“The Funeral” is Richard Matheson’s absurd yet charming short story about a vampire who wishes to attend his own funeral. His guests include familiar faces, particularly from the 30s and 40s era of horror films–a hunchback, a werewolf, a witch and, well, more vampires. As with I Am Legend, Matheson questions our perception of the true monster, though in a far more amusing way. The vampire, Ludwig Asper, simply wants a funeral, the best that money can buy and for which he is willing to pay. Morton Silkline, the funeral director, is an arrogant and greedy man more than content to make a buck off of grief.
The chaos that ensues is a reflection of similar human gatherings in which the guests behave monstrously, and more than a few I’ve experienced myself. For actual monsters, at least, it’s their nature to behave this way. The werewolf has an appointment to keep and leaves early, with only one syllable rudely grunted to mark his departure; the witch is like the family drunk who starts fights just for the attention she’ll get. Between witch and vampire magic, the room is severely damaged in the end, but one can hardly sympathize with either Silkline’s losses or his terror. It’s Ludwig who garners that sympathy; upstaged by the witch, whom he had asked to leave before things got really ugly, he is once again unable to experience a proper funeral.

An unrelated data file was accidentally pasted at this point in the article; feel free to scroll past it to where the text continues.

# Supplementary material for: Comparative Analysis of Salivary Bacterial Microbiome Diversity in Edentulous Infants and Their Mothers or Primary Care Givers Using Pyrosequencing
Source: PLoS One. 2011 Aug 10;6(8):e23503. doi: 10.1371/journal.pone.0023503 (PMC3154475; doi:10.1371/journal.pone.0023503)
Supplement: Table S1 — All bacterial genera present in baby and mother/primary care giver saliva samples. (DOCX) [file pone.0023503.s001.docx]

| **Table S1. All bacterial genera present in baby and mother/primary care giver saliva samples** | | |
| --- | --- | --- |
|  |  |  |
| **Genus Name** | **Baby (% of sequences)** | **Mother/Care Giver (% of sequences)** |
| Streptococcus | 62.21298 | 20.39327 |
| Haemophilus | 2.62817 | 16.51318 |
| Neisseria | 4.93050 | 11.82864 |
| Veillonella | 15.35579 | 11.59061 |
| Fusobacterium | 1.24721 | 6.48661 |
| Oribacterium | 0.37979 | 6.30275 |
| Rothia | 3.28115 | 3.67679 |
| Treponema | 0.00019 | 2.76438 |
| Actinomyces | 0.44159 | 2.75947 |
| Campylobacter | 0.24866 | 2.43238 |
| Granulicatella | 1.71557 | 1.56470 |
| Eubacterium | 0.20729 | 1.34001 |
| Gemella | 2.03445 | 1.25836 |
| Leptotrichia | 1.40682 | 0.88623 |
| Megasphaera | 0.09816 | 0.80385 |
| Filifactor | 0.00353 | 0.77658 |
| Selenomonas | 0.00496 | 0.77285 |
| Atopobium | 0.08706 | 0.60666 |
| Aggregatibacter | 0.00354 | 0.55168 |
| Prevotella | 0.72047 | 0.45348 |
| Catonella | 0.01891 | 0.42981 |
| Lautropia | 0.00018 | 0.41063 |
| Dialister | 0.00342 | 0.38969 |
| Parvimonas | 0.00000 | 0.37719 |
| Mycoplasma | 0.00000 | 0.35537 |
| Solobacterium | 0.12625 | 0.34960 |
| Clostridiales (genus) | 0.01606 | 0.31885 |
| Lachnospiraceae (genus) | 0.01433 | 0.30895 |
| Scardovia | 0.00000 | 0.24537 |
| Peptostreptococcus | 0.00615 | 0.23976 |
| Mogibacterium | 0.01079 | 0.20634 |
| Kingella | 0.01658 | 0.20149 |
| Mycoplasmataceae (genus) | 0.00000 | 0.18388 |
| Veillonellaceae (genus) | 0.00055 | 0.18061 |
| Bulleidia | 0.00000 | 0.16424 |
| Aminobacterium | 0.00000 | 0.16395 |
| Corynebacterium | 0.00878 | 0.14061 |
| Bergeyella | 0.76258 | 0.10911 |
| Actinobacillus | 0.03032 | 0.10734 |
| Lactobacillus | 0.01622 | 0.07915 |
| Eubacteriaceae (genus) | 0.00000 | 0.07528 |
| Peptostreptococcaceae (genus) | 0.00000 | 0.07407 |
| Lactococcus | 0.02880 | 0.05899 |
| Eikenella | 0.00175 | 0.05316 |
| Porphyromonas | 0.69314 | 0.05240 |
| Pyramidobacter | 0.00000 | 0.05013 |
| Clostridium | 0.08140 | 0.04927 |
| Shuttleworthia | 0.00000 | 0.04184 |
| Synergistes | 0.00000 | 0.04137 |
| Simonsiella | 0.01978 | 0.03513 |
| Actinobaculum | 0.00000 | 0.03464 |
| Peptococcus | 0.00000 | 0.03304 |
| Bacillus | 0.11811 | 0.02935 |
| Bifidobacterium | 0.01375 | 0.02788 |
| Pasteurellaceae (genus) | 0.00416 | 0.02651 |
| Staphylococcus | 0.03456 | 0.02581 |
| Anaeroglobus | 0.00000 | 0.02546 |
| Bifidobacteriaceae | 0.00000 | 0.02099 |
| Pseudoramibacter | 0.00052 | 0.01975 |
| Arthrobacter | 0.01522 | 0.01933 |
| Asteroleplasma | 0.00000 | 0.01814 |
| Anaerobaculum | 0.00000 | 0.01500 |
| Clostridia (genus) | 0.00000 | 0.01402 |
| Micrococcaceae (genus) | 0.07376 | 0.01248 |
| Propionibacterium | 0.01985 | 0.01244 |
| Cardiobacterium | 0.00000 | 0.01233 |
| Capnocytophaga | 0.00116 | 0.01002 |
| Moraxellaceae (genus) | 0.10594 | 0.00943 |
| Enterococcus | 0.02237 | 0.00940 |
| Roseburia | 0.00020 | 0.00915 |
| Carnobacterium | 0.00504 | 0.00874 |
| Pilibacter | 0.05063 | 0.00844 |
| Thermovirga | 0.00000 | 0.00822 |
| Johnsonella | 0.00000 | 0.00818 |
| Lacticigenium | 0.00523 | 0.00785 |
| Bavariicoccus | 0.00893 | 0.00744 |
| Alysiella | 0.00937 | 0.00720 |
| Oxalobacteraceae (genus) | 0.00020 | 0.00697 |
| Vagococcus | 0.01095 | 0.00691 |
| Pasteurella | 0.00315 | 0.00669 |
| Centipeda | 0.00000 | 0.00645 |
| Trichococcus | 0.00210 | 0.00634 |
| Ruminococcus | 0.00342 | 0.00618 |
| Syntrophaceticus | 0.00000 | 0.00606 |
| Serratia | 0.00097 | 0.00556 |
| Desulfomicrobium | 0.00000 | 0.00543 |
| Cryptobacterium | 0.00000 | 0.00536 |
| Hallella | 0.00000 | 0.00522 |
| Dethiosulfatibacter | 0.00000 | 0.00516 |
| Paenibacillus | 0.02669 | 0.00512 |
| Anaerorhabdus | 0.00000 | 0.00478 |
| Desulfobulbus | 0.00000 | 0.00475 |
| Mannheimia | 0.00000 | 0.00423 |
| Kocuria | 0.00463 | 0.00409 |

Some people do not like the pompous, pretentious style in which “The Funeral” is written, but I felt it very appropriate to Silkline’s character. By the end, as some Lovecraftian beast lumbers into his office because the vampire has referred it, one wonders how long gold will comfort Silkline when faced with a potentially endless clientele of monsters and the inevitable destruction of more rooms. And yet, are these funerals all that different from the human ones over which he has presided? Perhaps this is exactly the opportunity he has been waiting for; monsters, after all, seem to have a great deal more money than people do.
“The Funeral” was an excellent counterpoint to I Am Legend. Matheson truly excels in the short form, and I look forward to reading the rest of the stories contained within the book.